New research is shedding light on a challenge facing newly diagnosed cancer patients as they seek care. In a University of Pennnsylvania Perelman School of Medicine study, only one-third of simulated patients were able to secure an appointment with an oncologist. From a release:
In the study, research assistants attempted to call 160 U.S. hospitals under three different circumstances each, varying only their insurance status as they explained their scripted patient situation, which involved a new diagnosis of an inoperable liver cancer. Callers reached a scheduler 79 percent of the time, but only 29 percent of those callers received appointments. Of the appointments ultimately scheduled, 35 percent required multiple calls to complete the process. In nearly a quarter of cases, callers failed to reach staff even after three attempts. Among reasons for denial of appointments or inability to schedule: Demand for medical records (39 percent), not being able to reach appropriate schedulers (24 percent), and referral requirements (18 percent).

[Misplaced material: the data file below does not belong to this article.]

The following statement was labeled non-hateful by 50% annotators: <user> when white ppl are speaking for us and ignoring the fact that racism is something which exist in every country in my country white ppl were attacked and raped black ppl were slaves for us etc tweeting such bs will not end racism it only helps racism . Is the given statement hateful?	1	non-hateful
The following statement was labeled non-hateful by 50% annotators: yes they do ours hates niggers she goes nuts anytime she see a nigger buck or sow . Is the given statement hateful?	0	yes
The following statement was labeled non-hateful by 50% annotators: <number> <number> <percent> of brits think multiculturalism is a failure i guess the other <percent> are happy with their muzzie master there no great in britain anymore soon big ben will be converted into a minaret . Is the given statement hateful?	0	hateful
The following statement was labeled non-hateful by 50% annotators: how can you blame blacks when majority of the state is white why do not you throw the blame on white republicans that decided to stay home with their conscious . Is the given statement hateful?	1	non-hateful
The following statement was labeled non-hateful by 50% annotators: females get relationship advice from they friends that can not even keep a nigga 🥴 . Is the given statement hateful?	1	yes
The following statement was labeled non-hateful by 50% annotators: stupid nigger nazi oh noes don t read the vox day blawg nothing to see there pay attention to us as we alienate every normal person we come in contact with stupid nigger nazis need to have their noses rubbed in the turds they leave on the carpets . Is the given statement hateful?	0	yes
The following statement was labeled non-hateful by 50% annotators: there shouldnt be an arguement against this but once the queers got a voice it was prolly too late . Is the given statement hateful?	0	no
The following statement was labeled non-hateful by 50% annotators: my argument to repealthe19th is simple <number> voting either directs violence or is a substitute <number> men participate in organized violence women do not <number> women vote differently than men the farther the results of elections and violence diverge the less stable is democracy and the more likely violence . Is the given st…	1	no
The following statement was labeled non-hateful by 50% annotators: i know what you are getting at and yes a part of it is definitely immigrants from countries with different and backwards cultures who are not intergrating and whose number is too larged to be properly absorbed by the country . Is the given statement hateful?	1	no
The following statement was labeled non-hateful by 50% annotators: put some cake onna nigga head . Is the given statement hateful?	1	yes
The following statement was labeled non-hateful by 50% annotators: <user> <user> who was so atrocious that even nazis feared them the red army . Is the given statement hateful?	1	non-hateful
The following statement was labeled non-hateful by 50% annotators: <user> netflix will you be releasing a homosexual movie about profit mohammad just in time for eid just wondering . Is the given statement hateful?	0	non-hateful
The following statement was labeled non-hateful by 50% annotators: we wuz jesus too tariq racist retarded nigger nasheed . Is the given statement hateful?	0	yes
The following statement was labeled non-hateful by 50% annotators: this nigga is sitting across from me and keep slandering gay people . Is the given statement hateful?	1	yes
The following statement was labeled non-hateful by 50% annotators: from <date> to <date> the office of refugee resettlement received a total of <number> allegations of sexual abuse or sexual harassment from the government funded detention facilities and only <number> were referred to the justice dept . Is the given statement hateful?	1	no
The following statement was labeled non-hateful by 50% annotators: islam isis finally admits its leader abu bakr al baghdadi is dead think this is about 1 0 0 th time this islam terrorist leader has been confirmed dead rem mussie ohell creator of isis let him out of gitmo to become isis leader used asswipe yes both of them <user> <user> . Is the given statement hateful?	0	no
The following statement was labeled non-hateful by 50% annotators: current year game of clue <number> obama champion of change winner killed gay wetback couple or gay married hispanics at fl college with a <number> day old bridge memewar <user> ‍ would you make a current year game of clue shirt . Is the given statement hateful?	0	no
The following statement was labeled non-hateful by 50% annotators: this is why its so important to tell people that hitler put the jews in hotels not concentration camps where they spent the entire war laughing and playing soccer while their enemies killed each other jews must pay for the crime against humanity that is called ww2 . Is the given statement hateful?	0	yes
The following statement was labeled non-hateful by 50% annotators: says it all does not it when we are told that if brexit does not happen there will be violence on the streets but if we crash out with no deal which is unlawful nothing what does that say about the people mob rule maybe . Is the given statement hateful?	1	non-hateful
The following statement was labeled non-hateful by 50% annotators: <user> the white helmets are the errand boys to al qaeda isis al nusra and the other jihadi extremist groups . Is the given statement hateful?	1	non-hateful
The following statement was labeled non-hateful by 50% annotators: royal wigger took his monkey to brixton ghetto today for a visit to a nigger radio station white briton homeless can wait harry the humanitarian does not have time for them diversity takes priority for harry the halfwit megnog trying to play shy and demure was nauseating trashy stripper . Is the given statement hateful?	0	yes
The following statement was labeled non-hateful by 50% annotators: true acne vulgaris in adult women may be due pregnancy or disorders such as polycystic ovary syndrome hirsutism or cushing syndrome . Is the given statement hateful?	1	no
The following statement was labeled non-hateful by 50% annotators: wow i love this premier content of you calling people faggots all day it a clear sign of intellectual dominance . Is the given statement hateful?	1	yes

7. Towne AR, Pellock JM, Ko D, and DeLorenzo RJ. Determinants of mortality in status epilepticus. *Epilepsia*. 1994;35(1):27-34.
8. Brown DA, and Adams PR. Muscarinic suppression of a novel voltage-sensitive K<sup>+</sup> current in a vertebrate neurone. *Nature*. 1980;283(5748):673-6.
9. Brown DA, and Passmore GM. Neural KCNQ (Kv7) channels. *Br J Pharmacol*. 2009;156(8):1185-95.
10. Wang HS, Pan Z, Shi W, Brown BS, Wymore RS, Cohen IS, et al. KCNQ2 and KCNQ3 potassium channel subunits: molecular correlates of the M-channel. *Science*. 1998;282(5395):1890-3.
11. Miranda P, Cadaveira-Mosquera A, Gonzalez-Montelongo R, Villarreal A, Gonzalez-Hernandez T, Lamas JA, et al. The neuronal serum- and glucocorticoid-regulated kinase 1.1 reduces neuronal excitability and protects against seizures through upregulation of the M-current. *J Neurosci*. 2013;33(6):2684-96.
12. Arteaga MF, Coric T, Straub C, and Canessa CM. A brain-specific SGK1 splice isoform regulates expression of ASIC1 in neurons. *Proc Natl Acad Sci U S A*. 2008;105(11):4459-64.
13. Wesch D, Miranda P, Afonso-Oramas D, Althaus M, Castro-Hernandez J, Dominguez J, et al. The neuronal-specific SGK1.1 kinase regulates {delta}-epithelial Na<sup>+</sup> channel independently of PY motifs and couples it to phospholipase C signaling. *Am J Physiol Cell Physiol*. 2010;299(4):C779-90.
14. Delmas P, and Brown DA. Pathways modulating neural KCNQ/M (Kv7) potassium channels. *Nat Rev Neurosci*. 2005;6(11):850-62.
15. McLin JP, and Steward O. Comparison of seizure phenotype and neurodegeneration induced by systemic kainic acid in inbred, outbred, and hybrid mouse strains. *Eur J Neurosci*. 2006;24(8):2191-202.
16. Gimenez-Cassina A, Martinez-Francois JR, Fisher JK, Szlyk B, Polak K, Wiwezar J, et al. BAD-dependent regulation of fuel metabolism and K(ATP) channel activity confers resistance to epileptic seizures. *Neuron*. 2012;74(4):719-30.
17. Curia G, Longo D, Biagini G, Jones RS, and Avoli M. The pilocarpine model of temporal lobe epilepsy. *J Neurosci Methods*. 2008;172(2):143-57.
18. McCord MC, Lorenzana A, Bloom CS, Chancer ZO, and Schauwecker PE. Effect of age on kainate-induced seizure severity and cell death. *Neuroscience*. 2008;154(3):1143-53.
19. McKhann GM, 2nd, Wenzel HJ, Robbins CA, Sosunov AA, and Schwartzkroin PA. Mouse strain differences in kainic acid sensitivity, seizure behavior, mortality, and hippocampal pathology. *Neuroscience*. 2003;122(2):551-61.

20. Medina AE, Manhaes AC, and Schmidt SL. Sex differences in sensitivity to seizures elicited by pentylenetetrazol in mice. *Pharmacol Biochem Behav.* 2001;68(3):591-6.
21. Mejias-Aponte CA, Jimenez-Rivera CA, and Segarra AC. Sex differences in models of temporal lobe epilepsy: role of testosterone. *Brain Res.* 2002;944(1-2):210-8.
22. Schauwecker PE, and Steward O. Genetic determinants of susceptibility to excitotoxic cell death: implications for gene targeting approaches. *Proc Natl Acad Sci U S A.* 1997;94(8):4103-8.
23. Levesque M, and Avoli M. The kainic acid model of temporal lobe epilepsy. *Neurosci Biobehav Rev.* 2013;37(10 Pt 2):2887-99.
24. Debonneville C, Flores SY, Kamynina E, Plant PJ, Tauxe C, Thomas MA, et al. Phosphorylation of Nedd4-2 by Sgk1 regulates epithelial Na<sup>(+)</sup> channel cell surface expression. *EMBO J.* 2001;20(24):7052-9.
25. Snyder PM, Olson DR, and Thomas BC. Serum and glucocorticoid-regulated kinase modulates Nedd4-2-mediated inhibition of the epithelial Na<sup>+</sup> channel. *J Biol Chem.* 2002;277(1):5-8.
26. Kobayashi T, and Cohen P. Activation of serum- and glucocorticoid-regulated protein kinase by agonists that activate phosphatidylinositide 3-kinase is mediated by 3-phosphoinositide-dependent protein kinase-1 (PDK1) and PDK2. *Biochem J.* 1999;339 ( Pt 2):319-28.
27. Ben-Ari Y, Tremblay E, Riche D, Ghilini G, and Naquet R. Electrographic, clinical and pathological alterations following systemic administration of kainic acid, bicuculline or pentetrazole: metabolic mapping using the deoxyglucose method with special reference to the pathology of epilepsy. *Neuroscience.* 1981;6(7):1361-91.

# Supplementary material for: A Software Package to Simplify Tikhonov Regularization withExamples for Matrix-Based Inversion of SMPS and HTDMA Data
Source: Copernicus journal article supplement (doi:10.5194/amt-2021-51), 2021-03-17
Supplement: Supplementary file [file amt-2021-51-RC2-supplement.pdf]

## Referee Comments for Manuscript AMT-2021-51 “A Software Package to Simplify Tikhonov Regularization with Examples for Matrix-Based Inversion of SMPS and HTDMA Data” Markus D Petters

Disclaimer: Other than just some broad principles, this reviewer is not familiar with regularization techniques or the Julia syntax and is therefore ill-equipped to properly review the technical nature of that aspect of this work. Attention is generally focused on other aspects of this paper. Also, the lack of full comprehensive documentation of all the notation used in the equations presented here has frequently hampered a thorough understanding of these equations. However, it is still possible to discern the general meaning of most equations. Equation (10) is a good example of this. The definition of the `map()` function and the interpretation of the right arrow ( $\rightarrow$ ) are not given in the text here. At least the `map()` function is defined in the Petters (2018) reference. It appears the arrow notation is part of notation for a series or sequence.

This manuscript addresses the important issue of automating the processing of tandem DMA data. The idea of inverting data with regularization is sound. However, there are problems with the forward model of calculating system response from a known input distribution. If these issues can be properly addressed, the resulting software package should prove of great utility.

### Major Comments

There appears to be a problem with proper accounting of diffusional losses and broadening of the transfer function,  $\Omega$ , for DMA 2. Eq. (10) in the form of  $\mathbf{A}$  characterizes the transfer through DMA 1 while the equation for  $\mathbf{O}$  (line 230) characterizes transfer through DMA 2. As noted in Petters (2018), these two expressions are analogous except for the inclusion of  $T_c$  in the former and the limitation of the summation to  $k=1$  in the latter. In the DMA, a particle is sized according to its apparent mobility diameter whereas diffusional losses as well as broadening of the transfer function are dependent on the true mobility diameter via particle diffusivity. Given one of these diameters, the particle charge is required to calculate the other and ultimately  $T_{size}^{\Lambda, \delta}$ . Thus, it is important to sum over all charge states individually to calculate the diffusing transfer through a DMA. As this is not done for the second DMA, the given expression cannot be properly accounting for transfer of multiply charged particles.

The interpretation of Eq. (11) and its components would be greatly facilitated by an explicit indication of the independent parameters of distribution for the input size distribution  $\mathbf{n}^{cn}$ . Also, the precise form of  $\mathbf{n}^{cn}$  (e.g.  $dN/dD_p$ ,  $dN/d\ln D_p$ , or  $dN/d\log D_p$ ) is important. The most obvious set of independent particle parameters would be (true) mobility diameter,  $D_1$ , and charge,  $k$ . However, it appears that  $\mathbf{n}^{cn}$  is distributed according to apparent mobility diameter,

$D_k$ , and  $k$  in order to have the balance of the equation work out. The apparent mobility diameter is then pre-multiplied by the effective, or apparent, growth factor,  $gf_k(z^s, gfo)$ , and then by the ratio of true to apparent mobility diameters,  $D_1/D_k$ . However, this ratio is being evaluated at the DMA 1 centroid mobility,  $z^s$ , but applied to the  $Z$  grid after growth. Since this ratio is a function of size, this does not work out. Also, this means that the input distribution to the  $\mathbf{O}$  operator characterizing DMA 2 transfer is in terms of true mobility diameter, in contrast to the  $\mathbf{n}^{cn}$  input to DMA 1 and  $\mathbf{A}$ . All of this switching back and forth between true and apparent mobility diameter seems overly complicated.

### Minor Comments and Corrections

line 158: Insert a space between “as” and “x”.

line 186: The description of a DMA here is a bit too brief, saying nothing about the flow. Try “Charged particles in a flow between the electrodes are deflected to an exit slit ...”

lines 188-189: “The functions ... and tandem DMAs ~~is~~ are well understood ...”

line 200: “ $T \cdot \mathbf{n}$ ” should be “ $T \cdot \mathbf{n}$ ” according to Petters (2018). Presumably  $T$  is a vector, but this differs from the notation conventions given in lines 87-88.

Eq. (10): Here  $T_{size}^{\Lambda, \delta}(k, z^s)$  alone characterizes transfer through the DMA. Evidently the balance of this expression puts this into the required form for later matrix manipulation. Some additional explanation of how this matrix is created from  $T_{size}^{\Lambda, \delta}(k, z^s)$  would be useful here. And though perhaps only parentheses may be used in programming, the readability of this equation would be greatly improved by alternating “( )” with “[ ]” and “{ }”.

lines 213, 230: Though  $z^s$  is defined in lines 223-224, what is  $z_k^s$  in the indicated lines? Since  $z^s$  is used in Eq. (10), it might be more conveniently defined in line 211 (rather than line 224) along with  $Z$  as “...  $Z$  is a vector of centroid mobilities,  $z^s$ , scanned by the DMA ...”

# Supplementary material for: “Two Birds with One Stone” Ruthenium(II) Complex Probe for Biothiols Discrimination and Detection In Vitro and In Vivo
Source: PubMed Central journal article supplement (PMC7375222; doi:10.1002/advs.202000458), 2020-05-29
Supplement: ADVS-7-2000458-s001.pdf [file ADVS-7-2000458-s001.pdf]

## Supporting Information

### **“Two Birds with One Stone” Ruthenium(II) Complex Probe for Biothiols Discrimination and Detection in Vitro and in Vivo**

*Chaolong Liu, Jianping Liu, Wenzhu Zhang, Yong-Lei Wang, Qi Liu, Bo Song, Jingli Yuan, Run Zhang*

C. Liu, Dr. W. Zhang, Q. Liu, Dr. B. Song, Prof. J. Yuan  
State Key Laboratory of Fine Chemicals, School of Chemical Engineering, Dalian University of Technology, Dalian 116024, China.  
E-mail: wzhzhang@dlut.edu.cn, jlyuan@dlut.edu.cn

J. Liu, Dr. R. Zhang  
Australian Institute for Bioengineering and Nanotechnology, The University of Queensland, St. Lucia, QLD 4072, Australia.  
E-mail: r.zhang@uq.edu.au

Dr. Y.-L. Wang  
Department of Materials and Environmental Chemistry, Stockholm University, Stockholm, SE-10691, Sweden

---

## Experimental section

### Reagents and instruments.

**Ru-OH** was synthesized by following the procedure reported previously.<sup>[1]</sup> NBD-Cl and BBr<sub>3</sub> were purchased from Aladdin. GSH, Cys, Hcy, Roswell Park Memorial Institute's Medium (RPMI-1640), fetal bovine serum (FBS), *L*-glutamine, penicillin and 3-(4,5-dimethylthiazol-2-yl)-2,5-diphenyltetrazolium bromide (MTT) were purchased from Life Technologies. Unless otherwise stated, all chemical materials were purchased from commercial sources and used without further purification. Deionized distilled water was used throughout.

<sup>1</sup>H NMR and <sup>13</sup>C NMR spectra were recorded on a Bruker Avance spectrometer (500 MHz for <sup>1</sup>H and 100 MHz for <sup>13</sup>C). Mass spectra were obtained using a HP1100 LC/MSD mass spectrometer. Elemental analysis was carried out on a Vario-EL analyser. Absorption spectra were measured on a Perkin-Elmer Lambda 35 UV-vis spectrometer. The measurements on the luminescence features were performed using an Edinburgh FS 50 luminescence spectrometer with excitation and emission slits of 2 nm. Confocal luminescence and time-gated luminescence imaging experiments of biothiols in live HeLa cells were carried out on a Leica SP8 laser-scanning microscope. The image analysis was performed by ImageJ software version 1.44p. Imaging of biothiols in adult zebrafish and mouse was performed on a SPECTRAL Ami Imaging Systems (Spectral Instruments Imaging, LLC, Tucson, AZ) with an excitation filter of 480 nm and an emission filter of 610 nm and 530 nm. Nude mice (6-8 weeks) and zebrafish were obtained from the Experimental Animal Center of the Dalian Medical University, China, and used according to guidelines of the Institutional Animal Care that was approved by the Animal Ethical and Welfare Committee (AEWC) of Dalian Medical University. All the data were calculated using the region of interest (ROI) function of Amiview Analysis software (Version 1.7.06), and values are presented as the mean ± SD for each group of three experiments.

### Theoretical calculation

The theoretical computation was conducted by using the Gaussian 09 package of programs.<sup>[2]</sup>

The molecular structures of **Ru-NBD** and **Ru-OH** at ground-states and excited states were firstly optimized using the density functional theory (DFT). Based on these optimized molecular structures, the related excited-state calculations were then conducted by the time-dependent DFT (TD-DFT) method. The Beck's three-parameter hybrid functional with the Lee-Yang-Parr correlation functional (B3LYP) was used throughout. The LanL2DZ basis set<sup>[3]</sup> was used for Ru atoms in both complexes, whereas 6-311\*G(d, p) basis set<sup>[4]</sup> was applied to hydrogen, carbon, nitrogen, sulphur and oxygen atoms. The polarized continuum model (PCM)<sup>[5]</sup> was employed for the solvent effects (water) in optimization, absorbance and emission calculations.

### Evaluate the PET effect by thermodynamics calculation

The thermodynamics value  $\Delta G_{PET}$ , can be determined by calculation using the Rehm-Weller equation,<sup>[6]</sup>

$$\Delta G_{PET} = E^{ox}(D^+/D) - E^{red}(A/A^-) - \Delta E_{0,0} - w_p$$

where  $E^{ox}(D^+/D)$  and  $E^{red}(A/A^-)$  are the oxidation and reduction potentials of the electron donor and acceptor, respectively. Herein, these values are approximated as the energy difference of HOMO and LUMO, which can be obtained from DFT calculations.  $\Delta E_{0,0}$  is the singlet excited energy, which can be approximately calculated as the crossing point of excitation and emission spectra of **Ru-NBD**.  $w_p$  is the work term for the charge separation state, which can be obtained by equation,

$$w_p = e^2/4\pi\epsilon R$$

The authors note that the access problems revealed in the study may become more urgent in the coming years, given Institute of Medicine and ASCO projections showing a widening gap between the number of people living with cancer and the number of practicing oncologists available to care for them.
The researchers, who will present their work tomorrow at the annual meeting of the American Society of Clinical Oncology, suggest that patient navigator programs could be beneficial to cancer patients as they seek and go through treatment.